The 2012 pres­i­den­tial elec­tion may be about a year away, but that hasn’t stopped politi­cians and aca­d­e­mics from ana­lyzing the race from a schol­arly perspective.

Speaking at a con­fer­ence enti­tled “The Pres­i­den­tial Elec­tion of 2012: Can­di­dates, Issues and Par­ties,” held in Raytheon Amphithe­ater last Thursday, North­eastern Uni­ver­sity polit­ical sci­ence pro­fessor William Crotty said, “The nom­i­na­tion process begins in less than two months. This is it. We’re here.”

Obama’s elec­tion was sup­posed to be a “pro­gres­sive realign­ment of national poli­cies,” added Crotty, the Thomas P. O’Neill Chair in Public Life. “Well, none of that happened.”

The con­fer­ence — cospon­sored by the O’Neill Chair and the Depart­ment of Polit­ical Sci­ence — included an early morning panel dis­cus­sion on policy-​​making in the Obama admin­is­tra­tion, a lec­ture on the impact of the Occupy Wall Street move­ment on the 2012 race and an after­noon panel dis­cus­sion on pol­i­tics and the Obama pres­i­dency, which fea­tured a lec­ture by Dis­tin­guished Pro­fessor of Polit­ical Sci­ence Michael Dukakis.

He called his expe­ri­ences as the 1988 Demo­c­ratic nom­inee for pres­i­dent both hum­bling and exhausting.

It’s an extra­or­di­nary country with extra­or­di­nary people,” Dukakis recalled. “And the worst thing about not being able to suc­ceed is dis­ap­pointing all those folks who sup­ported you and believed in you.”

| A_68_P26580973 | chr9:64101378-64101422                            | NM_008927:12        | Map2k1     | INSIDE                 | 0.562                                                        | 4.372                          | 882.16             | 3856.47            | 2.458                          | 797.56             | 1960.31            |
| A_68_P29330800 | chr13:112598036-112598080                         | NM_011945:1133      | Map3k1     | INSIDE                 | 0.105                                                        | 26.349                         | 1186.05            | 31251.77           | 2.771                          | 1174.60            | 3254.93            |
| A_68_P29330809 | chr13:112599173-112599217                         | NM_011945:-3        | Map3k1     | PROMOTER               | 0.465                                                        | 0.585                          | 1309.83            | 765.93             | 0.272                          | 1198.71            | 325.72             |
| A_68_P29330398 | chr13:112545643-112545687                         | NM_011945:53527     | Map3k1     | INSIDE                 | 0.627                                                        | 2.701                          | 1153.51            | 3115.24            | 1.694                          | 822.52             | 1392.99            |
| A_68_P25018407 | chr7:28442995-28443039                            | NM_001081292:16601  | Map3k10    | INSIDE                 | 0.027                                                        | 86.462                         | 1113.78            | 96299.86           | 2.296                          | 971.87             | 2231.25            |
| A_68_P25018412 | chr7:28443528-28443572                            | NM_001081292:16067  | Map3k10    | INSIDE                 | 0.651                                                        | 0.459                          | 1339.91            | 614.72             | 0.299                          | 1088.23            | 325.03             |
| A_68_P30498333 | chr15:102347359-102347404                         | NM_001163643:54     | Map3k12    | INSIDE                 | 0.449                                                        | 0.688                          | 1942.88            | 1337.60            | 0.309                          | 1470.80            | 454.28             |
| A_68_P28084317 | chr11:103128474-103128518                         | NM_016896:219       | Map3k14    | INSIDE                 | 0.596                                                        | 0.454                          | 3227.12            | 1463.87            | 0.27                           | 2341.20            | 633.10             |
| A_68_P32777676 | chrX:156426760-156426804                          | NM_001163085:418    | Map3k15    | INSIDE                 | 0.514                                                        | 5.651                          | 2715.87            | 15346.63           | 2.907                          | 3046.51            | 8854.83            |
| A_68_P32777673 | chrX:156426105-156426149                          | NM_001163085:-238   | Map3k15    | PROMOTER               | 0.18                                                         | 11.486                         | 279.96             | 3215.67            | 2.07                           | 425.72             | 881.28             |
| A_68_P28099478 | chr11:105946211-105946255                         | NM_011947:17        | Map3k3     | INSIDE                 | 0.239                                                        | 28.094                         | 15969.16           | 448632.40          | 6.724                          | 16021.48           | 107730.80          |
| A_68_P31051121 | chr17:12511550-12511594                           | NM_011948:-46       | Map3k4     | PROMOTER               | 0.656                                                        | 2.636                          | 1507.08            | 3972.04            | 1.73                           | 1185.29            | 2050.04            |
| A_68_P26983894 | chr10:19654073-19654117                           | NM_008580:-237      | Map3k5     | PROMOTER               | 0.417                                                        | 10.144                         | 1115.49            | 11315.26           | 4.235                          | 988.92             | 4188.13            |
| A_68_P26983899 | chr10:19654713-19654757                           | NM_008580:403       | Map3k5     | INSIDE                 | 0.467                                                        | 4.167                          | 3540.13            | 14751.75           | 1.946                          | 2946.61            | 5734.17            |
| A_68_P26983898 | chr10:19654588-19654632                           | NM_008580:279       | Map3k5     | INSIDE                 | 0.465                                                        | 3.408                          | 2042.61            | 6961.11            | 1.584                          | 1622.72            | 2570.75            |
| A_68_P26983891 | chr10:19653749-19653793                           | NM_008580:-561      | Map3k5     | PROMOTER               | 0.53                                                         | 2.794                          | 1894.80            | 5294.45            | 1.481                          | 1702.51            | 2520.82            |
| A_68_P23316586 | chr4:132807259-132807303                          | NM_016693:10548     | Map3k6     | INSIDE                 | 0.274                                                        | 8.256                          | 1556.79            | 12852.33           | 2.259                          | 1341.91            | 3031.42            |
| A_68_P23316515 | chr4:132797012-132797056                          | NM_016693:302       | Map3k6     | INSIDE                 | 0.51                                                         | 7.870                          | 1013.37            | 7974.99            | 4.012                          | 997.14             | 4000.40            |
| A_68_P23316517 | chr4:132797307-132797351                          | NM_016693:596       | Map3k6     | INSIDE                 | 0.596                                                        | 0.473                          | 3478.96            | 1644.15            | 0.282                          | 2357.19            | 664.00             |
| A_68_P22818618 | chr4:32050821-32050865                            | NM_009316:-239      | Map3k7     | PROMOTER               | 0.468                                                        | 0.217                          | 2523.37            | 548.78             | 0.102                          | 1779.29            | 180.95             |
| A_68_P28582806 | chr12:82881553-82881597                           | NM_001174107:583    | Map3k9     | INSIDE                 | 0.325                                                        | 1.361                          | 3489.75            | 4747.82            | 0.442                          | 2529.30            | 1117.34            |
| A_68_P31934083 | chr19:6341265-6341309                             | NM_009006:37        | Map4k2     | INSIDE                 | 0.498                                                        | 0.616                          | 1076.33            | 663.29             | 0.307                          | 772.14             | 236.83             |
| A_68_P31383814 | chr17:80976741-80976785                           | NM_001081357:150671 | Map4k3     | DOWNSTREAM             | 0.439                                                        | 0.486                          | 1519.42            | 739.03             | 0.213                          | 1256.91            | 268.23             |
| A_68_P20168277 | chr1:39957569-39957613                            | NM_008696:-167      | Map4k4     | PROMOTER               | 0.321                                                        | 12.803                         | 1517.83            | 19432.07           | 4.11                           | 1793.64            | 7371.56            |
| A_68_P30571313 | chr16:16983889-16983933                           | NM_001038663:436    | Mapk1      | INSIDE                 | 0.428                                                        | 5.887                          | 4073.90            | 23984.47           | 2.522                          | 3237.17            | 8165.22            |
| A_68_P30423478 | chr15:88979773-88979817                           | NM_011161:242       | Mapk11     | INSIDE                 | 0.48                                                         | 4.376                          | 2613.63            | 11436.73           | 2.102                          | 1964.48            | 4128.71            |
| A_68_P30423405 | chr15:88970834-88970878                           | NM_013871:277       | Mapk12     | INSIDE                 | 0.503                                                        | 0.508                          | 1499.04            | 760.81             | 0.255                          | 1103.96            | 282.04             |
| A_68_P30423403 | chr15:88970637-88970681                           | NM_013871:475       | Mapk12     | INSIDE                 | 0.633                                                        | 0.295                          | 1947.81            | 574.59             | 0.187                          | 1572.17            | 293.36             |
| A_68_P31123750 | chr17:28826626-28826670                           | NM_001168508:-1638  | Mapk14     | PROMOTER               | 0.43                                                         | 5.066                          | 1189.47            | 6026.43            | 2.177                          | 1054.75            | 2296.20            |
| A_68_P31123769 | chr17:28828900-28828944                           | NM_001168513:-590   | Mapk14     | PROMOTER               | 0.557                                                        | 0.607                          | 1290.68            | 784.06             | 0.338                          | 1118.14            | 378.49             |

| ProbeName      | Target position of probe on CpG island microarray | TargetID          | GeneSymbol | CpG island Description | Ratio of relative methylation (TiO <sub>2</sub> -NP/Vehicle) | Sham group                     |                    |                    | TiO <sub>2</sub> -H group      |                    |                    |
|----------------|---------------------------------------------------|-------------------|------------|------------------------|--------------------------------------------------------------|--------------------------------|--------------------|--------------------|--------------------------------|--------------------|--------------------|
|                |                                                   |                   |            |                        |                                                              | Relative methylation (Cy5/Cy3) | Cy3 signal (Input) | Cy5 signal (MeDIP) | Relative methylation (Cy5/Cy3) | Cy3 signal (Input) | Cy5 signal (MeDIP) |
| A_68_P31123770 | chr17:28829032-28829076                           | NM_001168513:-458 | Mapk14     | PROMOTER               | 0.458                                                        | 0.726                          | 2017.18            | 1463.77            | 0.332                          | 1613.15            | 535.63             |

The pri­mary issues in the 2012 cam­paign are still emerging, noted Scott L. McLean, chair of the phi­los­ophy and polit­ical sci­ence depart­ment at Quin­nipiac Uni­ver­sity, a highly-​​regarded center for polit­ical polling.

I largely see the 2012 elec­tion as a cam­paign to define what the issues are, and that is still changing,” McLean said. “This summer, the issue was debt and the deficit, and now this fall we’re seeing the issue is shifting toward income inequality.”

Crotty said a major factor in the upcoming cam­paign would be that Demo­c­ratic voters are far less sup­portive of Pres­i­dent Obama than they were of can­di­date Obama. Repub­lican voters, he noted, may be more eager to vote against Obama than for the even­tual GOP nom­inee, who con­fer­ence atten­dees agreed would be former Mass­a­chu­setts gov­ernor Mitt Romney.

Demo­c­ratic voters are just not enthu­si­astic about this elec­tion,” Crotty said. “Jobs will be an issue, but clearly that’s not going to work to [Obama’s] benefit.”

The impor­tance of holding con­fer­ences to dis­cuss hot-​​button polit­ical issues cannot be under­stated, noted Mary Loef­fel­holz, Northeastern’s vice provost for aca­d­emic affairs.

We’ve seen rulers top­pled in coun­tries that weren’t even on our agenda last time, plus growing unsus­tain­ability and issues of equity that have prompted wonder about our future,” she said. “Well some of us have stopped won­dering and gone on to occupy Wall Street or to spread the Tea Party’s mes­sage through the nom­i­na­tion process. These are all impor­tant discussions.”